When Dylan Hartley moved from the UK last month to the UAE to coach Dubai Sharks, it might have seemed surreal.
A former England captain, capped 97 times in Test rugby, pitching up at a community club in the second tier of recreational rugby in the Middle East?
The sport in the UAE has a habit for such quirks, though. Wales great Mike Phillips, after all, only recently coached Jebel Ali Dragons, and turned out for their second-string sevens team.
Trevor Leota played at World Cups with Samoa and won the Heineken Cup with Wasps before rocking up and playing second-tier rugby in Dubai.
And Jane Leonard thought she had retired from a rugby career that had brought her England caps at Twickenham before being lured back to play at her local team after relocating to Ras Al Khaimah.
Even the Sharks themselves have very recent form for it. Back in February Christelene Steinhobel arrived looking to play social rugby in their women’s side.
Up until two years ago, she had been a contracted professional player for the South African sevens side.
“I played socially, joining the girls in the B-League, and it reignited the passion I had for sport when I was a youngster,” Steinhobel, 31, said of her arrival at the Sharks.
“The club picked up quite a few talented players after the Dubai Sevens, a couple of ferocious, strong-running forwards. We are in the B-League and the female section hasn’t been established for that long.
“There are lot of youngsters and women who started playing socially as they just wanted something to do. A couple of girls have only played for two years. We are quite a developing side.”
It did not take long for the Sharks to realise they had happened upon a valuable asset. Ahead of the new season, Steinhobel will be heading up coaching their women’s section.
She is part of a formidable management set up with Hartley as the figurehead, and former Wales sevens international Matthew Pewtner as men’s head coach.
Steinhobel, who works as a mindset coach, hopes to make a difference at a club that is developing rapidly.
“I would like to be a little more competitive, and push the girls to see that it is fun to be competitive,” she said. “No-one likes losing. As social as you want to be, you are going to get to Game 3 and not want to be there anymore.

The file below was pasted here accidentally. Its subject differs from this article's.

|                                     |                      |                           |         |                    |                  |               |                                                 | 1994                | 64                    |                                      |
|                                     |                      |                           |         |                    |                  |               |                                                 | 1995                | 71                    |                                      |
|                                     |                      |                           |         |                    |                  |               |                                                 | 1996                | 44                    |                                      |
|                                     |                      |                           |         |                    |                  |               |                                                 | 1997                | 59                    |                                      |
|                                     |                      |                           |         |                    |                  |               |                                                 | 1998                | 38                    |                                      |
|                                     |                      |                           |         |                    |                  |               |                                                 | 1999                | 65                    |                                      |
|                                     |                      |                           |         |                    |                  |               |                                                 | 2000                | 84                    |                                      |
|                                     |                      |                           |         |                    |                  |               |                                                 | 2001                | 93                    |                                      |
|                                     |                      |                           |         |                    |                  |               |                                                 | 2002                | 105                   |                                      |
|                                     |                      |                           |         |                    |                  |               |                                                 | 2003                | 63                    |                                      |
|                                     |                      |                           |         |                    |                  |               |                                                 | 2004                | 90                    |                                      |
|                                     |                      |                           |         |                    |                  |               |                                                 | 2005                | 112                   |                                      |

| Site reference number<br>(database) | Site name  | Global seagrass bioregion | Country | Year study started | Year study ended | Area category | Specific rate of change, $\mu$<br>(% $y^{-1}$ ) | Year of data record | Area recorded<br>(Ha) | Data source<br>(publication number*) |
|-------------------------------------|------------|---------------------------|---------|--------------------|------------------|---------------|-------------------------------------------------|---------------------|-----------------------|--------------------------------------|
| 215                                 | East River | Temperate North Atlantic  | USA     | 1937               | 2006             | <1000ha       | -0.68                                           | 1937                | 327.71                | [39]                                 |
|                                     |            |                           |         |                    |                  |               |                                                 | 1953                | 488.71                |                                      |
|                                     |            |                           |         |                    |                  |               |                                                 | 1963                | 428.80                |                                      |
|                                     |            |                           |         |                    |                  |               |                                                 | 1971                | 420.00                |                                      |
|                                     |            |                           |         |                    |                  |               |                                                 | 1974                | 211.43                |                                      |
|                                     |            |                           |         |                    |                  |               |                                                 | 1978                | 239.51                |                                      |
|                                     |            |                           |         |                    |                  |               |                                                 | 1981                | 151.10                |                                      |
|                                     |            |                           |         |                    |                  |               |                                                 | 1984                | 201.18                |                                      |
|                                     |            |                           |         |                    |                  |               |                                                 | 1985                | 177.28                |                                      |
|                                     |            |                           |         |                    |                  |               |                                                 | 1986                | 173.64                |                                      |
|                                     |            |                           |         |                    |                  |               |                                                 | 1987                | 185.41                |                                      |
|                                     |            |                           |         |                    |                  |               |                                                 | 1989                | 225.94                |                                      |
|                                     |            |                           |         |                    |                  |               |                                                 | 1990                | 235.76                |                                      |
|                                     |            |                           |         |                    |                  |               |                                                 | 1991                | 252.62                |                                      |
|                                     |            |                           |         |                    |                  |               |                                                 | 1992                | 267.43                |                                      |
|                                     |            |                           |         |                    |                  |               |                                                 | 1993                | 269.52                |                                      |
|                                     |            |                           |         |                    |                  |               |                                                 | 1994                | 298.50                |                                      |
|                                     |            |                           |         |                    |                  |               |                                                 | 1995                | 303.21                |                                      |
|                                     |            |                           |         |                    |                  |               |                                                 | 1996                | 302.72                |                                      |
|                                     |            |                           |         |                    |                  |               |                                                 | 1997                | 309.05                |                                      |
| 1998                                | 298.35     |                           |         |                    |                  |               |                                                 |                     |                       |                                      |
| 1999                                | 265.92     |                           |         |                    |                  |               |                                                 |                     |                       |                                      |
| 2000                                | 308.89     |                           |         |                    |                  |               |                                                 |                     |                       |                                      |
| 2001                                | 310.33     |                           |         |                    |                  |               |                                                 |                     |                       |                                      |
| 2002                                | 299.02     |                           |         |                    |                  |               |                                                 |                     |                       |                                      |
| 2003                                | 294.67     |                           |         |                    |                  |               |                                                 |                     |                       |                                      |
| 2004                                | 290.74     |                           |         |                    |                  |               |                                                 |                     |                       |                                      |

“It is hard to play four games in a day. People on the [World Series] circuit don’t even do that. You are putting your body through a lot.
“I want people to realise I am going to push you in training. I want us to have an energy level and a commitment level that is not for the coach or the club, it is a commitment for you to say, ‘That’s what I want.’
“We do that by grinding a little bit, by giving that extra one per cent extra. By Game 3, no-one wants to warm up anymore, your body is hurting, you are tired, but I want people to push through that. I see a big gap there in terms of women’s performance, and I want to bridge that.”
Steinhobel is confident progress can be made quickly. She knows it can be done from personal experience, having not played the sport at all herself until she was 22. She attended Loughborough University in the UK on a cricket scholarship, only to switch to rugby by chance.
“I was heavily into my cricket and hoping for big things there,” she said. “Everything was going really well. Then there was an alumni rugby match between Bath University and Loughborough.
“A friend of mine was playing for Bath, and they needed a player as there was an injury. The next minute I had boots and socks on. I didn’t have a mouthguard in, as I didn’t want to wear someone else’s mouthguard. I remember running the full width of the field, scared to take any contact.
“I scored a try, loved it, got fined by both universities for playing against my own uni and scoring a try against them.
“It was so much fun. I continued to go to training, then started playing sevens. Until then it had been the usual university social vibe, but at that point I thought, ‘No, I really like this game, let me take it seriously.’”
Steinhobel found herself taken with the contact involved, and she wants the Sharks players to embrace it, too.
“The more physical games we have, the more focused I get,” she said. “I walk off the field think, ‘that was an awesome game.’ If you know how to tackle safely and fall safely, it is loads of fun. Take some contact – and dish it out.”